Two historic squadrons from the Royal Navy and Royal Air Force will fly the F-35B from the Queen Elizabeth. One is 809 Naval Air Squadron, which was formed during World War II to protect Arctic Convoy missions and the other is 617 Squadron, more commonly known as the Dam Busters.

The Royal Navy says the new carrier will give Britain significant strategic reach and, in the words of First Sea Lord Sir George Zambellas, a return to carrier strike capability "last operated by the Royal Navy…four decades ago". With this capability, it is hoped Britain can project military power without committing ‘boots on the ground’.

"Powerful, versatile and credible, this ship will be at the heart of the UK’s defence capability for the next 50 years, but she already stands testament to the best of British shipbuilding, engineering and technology", said Zambellas at the naming ceremony.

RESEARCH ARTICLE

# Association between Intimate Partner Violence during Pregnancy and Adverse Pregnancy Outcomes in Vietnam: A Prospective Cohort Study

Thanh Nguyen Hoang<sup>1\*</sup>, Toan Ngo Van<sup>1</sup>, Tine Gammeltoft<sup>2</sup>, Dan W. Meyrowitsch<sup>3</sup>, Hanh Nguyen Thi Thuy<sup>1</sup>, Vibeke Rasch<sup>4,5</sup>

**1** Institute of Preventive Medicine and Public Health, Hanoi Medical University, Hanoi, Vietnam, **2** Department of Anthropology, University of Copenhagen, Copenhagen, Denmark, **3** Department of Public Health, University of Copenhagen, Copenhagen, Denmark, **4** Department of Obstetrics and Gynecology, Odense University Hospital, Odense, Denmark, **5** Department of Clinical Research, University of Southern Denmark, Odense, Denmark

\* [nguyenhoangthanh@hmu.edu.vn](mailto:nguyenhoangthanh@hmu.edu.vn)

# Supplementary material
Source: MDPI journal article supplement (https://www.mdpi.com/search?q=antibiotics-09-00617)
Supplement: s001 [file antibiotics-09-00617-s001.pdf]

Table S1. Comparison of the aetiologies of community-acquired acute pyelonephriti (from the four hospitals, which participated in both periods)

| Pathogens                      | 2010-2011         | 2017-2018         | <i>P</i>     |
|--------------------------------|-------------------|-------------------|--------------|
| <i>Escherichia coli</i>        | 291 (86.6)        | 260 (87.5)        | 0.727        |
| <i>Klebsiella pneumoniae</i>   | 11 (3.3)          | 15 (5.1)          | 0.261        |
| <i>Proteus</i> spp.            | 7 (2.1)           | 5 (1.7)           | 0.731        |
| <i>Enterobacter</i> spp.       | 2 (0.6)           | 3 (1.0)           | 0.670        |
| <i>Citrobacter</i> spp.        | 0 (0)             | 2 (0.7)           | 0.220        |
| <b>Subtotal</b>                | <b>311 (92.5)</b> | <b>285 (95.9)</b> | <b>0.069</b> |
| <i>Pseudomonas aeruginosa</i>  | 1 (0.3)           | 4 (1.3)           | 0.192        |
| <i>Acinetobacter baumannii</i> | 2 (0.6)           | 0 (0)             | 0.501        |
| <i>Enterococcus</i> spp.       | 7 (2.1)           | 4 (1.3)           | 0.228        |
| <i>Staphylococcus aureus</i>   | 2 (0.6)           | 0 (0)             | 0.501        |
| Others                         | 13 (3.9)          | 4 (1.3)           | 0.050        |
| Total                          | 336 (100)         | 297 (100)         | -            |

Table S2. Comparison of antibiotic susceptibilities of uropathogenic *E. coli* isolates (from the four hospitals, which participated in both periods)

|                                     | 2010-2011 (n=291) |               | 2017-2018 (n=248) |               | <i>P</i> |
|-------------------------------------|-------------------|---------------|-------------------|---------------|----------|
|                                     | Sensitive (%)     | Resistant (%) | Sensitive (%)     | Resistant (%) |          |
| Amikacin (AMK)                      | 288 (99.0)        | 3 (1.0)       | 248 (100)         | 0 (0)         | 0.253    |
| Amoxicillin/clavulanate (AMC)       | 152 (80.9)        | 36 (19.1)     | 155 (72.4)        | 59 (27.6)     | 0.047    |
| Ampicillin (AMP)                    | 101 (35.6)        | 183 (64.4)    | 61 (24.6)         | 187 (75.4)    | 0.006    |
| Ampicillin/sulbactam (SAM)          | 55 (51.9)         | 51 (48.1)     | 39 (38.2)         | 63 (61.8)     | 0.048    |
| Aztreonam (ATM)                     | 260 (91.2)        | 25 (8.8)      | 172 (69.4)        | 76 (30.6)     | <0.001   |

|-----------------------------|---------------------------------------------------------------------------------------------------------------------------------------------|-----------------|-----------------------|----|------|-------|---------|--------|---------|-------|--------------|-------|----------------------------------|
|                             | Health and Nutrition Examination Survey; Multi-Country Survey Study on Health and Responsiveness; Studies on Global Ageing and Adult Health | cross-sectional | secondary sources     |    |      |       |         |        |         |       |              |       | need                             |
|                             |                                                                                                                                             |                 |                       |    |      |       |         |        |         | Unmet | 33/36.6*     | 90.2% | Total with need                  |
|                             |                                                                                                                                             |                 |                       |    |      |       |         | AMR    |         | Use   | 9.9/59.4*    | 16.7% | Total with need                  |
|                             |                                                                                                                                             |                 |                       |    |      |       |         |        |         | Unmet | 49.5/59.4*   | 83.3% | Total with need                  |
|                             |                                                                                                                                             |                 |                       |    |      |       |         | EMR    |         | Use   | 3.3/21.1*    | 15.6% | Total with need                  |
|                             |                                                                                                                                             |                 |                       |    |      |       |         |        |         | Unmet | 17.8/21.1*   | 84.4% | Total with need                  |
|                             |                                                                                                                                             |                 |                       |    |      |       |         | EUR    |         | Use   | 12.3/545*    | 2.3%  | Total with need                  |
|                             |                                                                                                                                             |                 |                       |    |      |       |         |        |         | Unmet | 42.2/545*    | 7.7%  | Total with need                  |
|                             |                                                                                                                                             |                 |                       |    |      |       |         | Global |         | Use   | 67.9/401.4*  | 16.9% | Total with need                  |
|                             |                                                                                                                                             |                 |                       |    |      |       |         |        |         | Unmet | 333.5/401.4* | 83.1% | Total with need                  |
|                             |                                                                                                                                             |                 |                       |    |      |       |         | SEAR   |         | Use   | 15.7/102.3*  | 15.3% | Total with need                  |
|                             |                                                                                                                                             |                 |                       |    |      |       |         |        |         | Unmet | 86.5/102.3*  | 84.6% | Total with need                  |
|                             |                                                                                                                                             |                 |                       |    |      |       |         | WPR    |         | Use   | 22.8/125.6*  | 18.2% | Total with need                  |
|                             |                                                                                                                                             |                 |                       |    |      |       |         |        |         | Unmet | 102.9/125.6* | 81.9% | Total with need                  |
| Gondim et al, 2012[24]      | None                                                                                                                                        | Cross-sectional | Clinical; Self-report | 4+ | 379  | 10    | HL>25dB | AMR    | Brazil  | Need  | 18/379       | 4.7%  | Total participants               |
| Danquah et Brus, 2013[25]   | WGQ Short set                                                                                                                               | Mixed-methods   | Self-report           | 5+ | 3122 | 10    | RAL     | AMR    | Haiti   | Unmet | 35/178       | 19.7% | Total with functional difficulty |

Construction of the ship began five years ago in six UK shipyards. Shipbuilders in Glasgow, Devon, Tyneside, Birkenhead, Portsmouth and Rosyth built individual blocks which were eventually pieced together in Scotland.

The massive blocks, one weighing a massive 11,000 tonnes, were transported to Rosyth on ocean-going barges for assembly. According to the Ministry of Defence, the construction of HMS Queen Elizabeth has sustained around 8,000 jobs at more than 100 companies across the UK.

Cost increases and delays – ‘money down the drain’